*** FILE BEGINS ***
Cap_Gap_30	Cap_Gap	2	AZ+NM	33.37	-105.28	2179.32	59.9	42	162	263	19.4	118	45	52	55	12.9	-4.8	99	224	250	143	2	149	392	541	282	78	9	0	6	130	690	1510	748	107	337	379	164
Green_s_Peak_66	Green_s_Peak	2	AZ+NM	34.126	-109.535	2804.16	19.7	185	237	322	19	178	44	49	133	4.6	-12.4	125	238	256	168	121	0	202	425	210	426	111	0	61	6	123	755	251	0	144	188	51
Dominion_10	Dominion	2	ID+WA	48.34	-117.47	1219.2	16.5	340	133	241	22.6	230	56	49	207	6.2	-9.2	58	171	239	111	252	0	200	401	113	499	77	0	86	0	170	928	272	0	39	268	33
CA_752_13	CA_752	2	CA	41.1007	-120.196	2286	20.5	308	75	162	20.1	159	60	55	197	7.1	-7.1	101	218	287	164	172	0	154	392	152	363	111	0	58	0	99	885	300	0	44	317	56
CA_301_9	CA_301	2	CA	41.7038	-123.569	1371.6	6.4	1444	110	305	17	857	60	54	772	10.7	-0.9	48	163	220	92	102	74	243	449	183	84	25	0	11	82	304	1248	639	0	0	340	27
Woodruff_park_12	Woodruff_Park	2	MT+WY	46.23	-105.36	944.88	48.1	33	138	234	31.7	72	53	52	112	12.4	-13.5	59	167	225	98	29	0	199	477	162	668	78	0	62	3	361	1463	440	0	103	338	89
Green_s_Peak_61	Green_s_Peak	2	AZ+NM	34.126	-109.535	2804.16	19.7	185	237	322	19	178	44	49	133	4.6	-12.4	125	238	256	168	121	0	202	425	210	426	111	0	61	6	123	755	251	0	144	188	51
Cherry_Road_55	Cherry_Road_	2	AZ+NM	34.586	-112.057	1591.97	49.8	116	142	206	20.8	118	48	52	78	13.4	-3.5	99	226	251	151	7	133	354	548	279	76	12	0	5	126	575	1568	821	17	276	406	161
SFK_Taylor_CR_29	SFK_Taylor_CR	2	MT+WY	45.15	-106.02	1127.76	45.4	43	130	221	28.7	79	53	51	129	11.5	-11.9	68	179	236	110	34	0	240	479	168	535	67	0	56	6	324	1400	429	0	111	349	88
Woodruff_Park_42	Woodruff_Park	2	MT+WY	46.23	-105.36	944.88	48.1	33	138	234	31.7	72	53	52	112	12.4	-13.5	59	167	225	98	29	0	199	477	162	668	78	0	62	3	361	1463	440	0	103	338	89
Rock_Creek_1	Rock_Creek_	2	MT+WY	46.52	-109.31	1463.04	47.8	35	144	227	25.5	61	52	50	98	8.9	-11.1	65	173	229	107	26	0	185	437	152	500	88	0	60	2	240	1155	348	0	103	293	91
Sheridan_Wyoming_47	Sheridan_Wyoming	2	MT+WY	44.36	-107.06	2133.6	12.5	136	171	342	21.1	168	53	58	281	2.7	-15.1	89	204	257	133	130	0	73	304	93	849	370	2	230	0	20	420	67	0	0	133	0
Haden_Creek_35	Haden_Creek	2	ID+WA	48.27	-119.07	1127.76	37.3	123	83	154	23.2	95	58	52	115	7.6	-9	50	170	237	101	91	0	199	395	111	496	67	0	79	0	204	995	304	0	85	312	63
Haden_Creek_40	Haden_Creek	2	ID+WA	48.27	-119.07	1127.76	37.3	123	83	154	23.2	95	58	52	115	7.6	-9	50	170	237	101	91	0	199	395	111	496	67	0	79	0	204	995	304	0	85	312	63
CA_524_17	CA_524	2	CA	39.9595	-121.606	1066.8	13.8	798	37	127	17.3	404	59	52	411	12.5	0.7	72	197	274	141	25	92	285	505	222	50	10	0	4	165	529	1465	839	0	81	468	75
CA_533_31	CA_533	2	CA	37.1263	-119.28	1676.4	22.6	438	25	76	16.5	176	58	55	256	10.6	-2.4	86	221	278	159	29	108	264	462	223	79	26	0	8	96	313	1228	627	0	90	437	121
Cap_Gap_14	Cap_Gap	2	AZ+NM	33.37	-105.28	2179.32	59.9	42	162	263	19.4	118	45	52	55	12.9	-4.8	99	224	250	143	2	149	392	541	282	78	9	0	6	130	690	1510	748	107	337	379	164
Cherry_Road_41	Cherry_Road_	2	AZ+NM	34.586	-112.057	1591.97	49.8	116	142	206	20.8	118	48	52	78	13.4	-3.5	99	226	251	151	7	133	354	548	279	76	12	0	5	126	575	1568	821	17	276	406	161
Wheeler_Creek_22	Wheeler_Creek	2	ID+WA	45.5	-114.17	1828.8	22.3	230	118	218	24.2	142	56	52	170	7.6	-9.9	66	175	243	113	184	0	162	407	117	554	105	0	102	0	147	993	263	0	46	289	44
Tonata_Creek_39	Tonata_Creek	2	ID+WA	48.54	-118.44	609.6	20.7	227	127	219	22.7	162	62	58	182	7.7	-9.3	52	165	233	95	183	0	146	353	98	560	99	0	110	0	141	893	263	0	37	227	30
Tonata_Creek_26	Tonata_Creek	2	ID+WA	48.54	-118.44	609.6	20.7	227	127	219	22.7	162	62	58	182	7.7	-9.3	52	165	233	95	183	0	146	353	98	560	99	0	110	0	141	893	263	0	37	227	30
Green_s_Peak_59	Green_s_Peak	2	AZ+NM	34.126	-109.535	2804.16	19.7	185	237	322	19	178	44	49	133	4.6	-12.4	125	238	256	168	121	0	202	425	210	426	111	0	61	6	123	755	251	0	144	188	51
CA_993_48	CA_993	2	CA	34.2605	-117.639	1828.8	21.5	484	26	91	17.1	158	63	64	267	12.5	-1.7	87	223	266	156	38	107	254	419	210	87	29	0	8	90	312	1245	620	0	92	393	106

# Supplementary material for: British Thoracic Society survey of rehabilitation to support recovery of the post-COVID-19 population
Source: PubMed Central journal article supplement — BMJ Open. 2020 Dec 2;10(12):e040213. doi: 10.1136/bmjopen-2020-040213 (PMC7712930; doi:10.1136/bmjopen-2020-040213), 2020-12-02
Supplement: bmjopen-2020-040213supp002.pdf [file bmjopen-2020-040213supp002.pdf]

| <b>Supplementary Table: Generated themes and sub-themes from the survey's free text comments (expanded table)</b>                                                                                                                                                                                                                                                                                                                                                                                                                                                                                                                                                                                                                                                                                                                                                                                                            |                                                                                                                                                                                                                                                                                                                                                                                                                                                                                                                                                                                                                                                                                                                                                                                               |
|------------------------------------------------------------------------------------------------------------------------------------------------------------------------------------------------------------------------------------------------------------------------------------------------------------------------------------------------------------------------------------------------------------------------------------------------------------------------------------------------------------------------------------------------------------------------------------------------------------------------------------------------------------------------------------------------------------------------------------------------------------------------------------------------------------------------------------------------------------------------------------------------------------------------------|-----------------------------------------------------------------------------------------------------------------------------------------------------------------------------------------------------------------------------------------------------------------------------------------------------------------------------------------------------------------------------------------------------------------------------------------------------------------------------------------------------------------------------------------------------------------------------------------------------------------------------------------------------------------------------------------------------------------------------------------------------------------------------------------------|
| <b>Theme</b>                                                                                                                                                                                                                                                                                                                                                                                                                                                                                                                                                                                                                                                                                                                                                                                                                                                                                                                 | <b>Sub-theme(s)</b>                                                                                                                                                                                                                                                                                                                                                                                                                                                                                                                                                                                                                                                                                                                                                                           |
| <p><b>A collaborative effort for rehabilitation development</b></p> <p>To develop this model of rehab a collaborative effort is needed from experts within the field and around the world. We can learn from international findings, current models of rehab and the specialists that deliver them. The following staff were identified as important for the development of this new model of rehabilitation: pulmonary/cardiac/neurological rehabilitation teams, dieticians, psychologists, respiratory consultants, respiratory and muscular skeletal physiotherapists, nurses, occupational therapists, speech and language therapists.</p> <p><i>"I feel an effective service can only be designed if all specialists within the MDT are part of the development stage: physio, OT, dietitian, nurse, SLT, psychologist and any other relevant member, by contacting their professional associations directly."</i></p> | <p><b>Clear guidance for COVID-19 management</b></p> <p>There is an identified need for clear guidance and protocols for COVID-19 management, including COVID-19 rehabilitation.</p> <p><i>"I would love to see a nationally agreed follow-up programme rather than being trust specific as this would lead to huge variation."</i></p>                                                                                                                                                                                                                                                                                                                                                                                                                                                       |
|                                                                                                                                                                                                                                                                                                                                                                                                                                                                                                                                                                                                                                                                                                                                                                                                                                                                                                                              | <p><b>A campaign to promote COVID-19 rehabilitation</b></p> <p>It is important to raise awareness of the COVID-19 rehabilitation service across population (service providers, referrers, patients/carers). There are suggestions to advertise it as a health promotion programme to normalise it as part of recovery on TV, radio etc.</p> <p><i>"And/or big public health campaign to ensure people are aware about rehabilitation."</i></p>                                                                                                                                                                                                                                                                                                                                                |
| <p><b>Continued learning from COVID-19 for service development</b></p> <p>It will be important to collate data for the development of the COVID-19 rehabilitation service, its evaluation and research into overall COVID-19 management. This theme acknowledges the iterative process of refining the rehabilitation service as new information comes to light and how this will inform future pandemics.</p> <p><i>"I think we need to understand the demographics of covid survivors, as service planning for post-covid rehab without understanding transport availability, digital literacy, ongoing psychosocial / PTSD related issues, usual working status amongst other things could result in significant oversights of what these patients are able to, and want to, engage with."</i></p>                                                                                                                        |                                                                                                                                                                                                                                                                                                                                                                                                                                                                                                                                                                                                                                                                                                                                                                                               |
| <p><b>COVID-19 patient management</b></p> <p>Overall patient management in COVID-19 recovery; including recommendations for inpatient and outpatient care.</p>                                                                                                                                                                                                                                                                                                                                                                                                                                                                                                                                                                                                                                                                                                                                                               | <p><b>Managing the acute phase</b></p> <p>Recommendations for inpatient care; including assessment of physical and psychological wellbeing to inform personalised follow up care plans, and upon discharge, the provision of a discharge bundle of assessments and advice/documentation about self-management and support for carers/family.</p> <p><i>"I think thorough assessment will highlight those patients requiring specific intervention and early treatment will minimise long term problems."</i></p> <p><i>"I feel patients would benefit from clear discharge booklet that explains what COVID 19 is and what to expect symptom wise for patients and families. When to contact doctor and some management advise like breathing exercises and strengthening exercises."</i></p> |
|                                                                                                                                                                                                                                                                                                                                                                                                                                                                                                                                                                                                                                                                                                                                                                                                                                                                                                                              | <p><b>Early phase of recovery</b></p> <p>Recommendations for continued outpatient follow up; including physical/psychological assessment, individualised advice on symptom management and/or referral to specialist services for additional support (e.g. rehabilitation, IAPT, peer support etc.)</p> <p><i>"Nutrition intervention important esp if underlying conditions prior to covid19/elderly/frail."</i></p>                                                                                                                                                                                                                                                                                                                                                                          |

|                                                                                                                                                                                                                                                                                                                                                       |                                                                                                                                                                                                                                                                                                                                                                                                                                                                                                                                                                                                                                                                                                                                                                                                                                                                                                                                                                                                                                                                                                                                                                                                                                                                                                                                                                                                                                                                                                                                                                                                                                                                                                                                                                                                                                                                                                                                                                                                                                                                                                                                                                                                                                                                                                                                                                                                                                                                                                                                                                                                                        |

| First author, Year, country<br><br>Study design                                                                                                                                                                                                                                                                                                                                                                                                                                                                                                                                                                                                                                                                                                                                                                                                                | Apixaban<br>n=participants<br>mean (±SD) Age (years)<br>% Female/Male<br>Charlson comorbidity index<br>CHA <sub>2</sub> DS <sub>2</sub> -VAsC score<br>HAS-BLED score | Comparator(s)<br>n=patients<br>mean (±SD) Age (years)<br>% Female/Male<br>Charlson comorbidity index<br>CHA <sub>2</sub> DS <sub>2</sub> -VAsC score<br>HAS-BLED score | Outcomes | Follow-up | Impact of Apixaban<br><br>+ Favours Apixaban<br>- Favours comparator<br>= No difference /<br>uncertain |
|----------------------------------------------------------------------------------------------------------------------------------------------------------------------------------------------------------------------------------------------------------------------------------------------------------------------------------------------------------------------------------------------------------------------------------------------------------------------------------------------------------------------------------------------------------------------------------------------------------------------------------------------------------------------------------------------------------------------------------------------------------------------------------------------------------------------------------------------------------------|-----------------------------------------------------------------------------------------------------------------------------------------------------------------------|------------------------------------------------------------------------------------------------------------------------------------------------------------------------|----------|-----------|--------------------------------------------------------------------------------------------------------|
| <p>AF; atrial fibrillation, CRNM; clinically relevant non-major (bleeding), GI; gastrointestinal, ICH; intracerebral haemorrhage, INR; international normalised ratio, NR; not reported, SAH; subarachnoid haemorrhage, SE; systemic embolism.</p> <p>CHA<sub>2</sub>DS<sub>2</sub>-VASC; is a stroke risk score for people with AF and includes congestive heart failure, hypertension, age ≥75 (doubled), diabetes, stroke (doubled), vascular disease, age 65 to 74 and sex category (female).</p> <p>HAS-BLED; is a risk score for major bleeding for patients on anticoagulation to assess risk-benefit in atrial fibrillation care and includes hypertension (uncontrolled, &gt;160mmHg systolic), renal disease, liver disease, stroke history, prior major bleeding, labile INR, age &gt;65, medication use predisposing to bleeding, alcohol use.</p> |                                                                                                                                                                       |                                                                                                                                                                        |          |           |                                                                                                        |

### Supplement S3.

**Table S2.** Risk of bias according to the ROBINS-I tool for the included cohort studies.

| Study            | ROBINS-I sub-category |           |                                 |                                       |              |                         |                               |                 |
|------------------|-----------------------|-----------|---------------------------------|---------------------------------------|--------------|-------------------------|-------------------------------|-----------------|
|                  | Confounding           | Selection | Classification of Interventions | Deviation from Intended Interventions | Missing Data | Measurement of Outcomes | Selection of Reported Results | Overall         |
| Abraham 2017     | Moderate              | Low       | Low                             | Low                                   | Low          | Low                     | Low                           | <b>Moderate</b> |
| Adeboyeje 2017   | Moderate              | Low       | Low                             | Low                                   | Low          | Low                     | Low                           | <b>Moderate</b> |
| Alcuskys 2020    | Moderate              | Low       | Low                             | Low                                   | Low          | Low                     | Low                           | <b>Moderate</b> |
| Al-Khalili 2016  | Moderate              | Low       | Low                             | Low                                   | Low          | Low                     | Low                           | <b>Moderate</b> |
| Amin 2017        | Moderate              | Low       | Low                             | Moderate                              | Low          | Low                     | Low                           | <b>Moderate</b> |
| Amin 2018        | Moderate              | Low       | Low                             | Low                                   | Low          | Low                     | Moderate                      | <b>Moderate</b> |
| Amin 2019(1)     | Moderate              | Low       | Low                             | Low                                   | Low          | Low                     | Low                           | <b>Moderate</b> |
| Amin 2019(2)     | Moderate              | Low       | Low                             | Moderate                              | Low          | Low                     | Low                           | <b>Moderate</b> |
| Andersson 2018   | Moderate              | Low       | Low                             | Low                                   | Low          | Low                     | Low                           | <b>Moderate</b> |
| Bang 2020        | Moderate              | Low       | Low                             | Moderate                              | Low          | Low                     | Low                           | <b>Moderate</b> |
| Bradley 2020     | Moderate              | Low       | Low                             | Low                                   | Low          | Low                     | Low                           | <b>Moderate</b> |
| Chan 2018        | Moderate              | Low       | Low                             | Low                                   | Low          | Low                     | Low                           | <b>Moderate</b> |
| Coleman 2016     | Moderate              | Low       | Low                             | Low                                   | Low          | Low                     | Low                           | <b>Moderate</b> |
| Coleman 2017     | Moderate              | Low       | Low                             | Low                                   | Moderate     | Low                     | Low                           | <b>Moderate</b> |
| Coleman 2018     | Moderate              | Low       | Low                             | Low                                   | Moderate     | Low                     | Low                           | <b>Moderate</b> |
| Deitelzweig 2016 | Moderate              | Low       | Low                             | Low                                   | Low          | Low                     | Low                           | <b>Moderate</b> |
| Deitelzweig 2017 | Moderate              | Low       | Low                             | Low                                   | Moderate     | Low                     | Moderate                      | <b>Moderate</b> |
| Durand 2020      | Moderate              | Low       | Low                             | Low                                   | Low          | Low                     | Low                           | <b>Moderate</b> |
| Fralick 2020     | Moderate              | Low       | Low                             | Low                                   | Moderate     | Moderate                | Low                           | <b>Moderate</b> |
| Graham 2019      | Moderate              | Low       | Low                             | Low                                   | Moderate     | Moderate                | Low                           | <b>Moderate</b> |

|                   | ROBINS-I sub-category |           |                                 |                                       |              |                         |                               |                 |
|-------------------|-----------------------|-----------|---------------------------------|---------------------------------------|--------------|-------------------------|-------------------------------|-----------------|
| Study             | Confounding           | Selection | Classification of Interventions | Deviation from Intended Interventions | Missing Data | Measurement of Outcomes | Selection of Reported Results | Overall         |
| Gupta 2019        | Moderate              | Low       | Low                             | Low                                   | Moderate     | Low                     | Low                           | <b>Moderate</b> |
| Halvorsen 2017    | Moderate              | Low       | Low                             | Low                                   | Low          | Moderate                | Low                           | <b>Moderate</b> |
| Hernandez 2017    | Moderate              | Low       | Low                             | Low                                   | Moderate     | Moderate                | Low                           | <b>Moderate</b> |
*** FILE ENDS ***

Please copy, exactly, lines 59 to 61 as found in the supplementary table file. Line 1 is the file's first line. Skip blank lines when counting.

| Deitelzweig 2016 | Moderate              | Low       | Low                             | Low                                   | Low          | Low                     | Low                           | <b>Moderate</b> |
| Deitelzweig 2017 | Moderate              | Low       | Low                             | Low                                   | Moderate     | Low                     | Moderate                      | <b>Moderate</b> |
| Durand 2020      | Moderate              | Low       | Low                             | Low                                   | Low          | Low                     | Low                           | <b>Moderate</b> |